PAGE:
Investors Sink Tight-Lipped AmeriCredit

What would you do if a used-car salesman told you it's against the lawto check the odometer before buying? You'd shake your head and walkstraight out.

Similarly, investors stalked out of AmeriCredit ( ACF) stock Wednesday after the auto lender failed to offer important data in its fiscal fourth-quarterearnings statement. Improbably in this disclosure-obsessed era, the companyclaimed it wouldn't share the information because of regulatory guidance.

The most notable omission was AmeriCredit's figure for the effectivesize of its bad loan reserve. The reserve number is critical for investorsattempting to gauge the amount of financial cushion a lender has againstbad loans. It's especially important when the lender, like AmeriCredit, isexperiencing a sharp rise in problem loans.

The omission could imply that AmeriCredit, which targets borrowers withtainted or incomplete credit histories, has failed to sufficiently reserveagainst bad loans. Meanwhile, cash continued to circle the drain in thelatest quarter and credit quality deteriorated, pointing toward a possiblesqueeze on the company's liquidity. AmeriCredit's already-battered stocklost a quarter of its value Wednesday, falling $4.05 to $12, a 52-week low.

In Line

On a conference call to discuss earnings for its fiscal fourth quarterending in June, AmeriCredit CFO Daniel Berce said the company didn'tdisclose the reserve in an effort to stay in line with new Securitiesand Exchange Commission guidelines on pro forma earnings.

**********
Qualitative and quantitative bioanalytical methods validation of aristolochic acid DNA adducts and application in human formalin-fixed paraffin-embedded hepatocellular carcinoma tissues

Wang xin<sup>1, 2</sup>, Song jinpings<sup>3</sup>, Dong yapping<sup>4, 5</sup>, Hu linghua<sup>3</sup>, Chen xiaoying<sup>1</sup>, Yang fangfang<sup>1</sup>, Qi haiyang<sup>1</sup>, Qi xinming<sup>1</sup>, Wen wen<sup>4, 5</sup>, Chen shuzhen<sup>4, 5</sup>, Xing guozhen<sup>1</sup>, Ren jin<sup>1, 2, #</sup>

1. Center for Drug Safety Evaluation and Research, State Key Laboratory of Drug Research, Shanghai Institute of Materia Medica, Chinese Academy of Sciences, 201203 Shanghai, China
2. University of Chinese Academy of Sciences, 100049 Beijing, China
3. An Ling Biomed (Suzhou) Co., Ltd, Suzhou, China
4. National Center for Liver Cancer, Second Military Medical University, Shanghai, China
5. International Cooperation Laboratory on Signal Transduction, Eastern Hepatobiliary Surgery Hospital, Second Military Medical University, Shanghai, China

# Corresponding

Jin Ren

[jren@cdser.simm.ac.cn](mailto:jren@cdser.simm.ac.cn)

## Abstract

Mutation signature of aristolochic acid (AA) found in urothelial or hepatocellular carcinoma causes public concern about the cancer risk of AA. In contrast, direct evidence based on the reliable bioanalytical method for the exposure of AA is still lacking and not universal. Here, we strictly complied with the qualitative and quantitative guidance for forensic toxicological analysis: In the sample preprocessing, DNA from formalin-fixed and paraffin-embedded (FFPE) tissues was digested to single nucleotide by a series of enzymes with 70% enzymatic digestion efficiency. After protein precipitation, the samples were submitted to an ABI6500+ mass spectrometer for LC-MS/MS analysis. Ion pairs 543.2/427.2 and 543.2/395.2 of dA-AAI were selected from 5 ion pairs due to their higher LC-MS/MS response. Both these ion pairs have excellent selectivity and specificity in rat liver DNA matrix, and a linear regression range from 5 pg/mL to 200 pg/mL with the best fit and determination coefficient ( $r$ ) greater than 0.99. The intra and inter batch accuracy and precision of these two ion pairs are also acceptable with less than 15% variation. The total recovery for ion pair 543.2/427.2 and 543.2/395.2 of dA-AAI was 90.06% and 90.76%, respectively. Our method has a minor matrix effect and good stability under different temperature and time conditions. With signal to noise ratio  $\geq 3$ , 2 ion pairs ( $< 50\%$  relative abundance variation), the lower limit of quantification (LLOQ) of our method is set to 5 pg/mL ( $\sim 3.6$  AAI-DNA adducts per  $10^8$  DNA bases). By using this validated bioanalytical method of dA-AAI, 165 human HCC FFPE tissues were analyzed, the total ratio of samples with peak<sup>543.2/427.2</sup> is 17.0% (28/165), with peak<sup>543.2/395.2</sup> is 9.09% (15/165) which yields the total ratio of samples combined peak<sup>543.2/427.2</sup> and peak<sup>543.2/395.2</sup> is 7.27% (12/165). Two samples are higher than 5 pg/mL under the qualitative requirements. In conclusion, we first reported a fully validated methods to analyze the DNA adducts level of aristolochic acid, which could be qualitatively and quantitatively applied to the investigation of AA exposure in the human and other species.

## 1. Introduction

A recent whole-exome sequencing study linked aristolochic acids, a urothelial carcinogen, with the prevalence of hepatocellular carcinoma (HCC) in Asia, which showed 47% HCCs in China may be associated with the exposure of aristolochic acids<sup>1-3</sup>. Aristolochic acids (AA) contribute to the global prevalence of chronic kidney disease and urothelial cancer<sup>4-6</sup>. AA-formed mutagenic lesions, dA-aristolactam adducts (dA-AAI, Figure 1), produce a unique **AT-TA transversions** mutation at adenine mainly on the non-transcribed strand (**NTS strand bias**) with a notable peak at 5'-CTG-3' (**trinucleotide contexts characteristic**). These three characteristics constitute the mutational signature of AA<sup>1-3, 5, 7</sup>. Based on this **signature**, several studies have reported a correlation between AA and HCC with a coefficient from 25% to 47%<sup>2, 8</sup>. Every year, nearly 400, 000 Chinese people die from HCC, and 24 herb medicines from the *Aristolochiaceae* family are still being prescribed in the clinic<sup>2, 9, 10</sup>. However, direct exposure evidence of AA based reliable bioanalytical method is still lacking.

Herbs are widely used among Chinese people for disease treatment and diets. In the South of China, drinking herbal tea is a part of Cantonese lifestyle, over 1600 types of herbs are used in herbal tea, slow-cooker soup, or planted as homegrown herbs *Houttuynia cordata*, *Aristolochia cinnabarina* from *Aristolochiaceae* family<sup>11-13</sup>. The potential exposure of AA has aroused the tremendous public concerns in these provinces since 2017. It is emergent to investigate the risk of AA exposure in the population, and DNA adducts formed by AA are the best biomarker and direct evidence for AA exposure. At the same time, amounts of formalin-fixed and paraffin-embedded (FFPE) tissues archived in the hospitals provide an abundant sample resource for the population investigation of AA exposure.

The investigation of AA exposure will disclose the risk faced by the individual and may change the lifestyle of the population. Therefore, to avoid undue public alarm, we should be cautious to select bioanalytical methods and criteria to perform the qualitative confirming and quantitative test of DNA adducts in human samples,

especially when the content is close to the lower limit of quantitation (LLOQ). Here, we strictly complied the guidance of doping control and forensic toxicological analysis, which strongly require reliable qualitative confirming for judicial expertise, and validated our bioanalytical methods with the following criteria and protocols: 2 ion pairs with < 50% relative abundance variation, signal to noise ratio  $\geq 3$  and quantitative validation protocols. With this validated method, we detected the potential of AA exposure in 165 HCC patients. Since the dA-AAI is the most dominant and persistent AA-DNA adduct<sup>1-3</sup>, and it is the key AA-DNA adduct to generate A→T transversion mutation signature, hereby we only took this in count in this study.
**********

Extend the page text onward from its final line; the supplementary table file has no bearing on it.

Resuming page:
Last December the SEC issued a statement that told companies toexercise caution when using pro forma measurements because under certaincircumstance "they can mislead investors."

AmeriCredit didn't return a call seeking comment. However, it's likelythat the company would say in its defense that, because it's not atraditional bank-type lender and uses a certain type of accounting called'gain-on-sale,' the bad loan reserve it always gave for its $10 billionportfolio was an artificial construct. The problem with that argument isthat other lenders that also use gain-on-sale gave reserve figures for theJune quarter. Household International ( HI) and Metris ( MXT) each gave the loan loss reserve for the total sizeof their loan portfolios in the June quarter.

"The failure to disclose reserve levels is not trivial," wrote BillRyan, an analyst at Portales Partners, a New York-based brokerage, in areport Wednesday. (Ryan rates AmeriCredit a sell and his firm hasn't doneinvestment banking for the company.)

Some Gain

Gain-on-sale accounting is used when lenders sell loans they have made.The treatment allows the seller to book upfront the profits it estimates itcan make on the sold loans. The big danger with gain-on-sale is that thefull gain may never materialize, usually because the loans don't behaveaccording to company projections.

AmeriCredit also omitted from the earnings release an income statementthat shows how earnings would look if the company were viewed as atraditional bank that didn't use any gain-on-sale. This method was muchfollowed by investors because it is considered more conservative.